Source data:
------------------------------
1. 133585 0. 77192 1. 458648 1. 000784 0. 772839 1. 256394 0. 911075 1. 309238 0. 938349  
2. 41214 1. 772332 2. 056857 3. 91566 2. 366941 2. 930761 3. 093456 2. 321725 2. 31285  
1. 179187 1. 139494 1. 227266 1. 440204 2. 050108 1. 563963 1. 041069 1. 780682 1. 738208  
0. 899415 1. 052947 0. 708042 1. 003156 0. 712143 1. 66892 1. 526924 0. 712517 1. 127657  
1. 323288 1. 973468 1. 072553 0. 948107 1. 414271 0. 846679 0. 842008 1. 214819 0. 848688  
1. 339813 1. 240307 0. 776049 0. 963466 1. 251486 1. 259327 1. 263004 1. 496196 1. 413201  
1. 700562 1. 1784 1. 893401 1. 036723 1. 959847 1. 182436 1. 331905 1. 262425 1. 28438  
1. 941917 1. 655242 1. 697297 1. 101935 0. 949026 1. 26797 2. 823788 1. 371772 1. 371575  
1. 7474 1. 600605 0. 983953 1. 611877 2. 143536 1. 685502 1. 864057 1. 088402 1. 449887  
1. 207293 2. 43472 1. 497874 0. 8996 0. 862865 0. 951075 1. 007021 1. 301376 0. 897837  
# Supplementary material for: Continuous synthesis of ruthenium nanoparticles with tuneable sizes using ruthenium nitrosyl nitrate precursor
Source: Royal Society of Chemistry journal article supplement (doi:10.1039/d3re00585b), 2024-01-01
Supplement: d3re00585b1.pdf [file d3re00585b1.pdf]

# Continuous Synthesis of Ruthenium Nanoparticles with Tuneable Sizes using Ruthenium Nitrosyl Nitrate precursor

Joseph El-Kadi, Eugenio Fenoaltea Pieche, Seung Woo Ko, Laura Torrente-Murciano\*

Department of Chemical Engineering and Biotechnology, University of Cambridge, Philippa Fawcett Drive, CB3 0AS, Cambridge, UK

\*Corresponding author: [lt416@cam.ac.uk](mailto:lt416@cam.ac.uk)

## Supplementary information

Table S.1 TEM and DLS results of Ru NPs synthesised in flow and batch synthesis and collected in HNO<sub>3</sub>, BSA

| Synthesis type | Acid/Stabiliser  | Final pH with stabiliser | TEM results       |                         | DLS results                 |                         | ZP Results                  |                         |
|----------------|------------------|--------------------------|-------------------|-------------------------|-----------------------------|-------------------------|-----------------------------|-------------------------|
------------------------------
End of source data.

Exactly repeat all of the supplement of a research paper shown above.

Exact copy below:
1. 133585 0. 77192 1. 458648 1. 000784 0. 772839 1. 256394 0. 911075 1. 309238 0. 938349  
2. 41214 1. 772332 2. 056857 3. 91566 2. 366941 2. 930761 3. 093456 2. 321725 2. 31285  
1. 179187 1. 139494 1. 227266 1. 440204 2. 050108 1. 563963 1. 041069 1. 780682 1. 738208  
0. 899415 1. 052947 0. 708042 1. 003156 0. 712143 1. 66892 1. 526924 0. 712517 1. 127657  
1. 323288 1. 973468 1. 072553 0. 948107 1. 414271 0. 846679 0. 842008 1. 214819 0. 848688  
1. 339813 1. 240307 0. 776049 0. 963466 1. 251486 1. 259327 1. 263004 1. 496196 1. 413201  
1. 700562 1. 1784 1. 893401 1. 036723 1. 959847 1. 182436 1. 331905 1. 262425 1. 28438  
1. 941917 1. 655242 1. 697297 1. 101935 0. 949026 1. 26797 2. 823788 1. 371772 1. 371575  
1. 7474 1. 600605 0. 983953 1. 611877 2. 143536 1. 685502 1. 864057 1. 088402 1. 449887  
1. 207293 2. 43472 1. 497874 0. 8996 0. 862865 0. 951075 1. 007021 1. 301376 0. 897837  
# Supplementary material for: Continuous synthesis of ruthenium nanoparticles with tuneable sizes using ruthenium nitrosyl nitrate precursor
Source: Royal Society of Chemistry journal article supplement (doi:10.1039/d3re00585b), 2024-01-01
Supplement: d3re00585b1.pdf [file d3re00585b1.pdf]

# Continuous Synthesis of Ruthenium Nanoparticles with Tuneable Sizes using Ruthenium Nitrosyl Nitrate precursor

Joseph El-Kadi, Eugenio Fenoaltea Pieche, Seung Woo Ko, Laura Torrente-Murciano\*

Department of Chemical Engineering and Biotechnology, University of Cambridge, Philippa Fawcett Drive, CB3 0AS, Cambridge, UK

\*Corresponding author: [lt416@cam.ac.uk](mailto:lt416@cam.ac.uk)

## Supplementary information

Table S.1 TEM and DLS results of Ru NPs synthesised in flow and batch synthesis and collected in HNO<sub>3</sub>, BSA

| Synthesis type | Acid/Stabiliser  | Final pH with stabiliser | TEM results       |                         | DLS results                 |                         | ZP Results                  |                         |
|----------------|------------------|--------------------------|-------------------|-------------------------|-----------------------------|-------------------------|-----------------------------|-------------------------|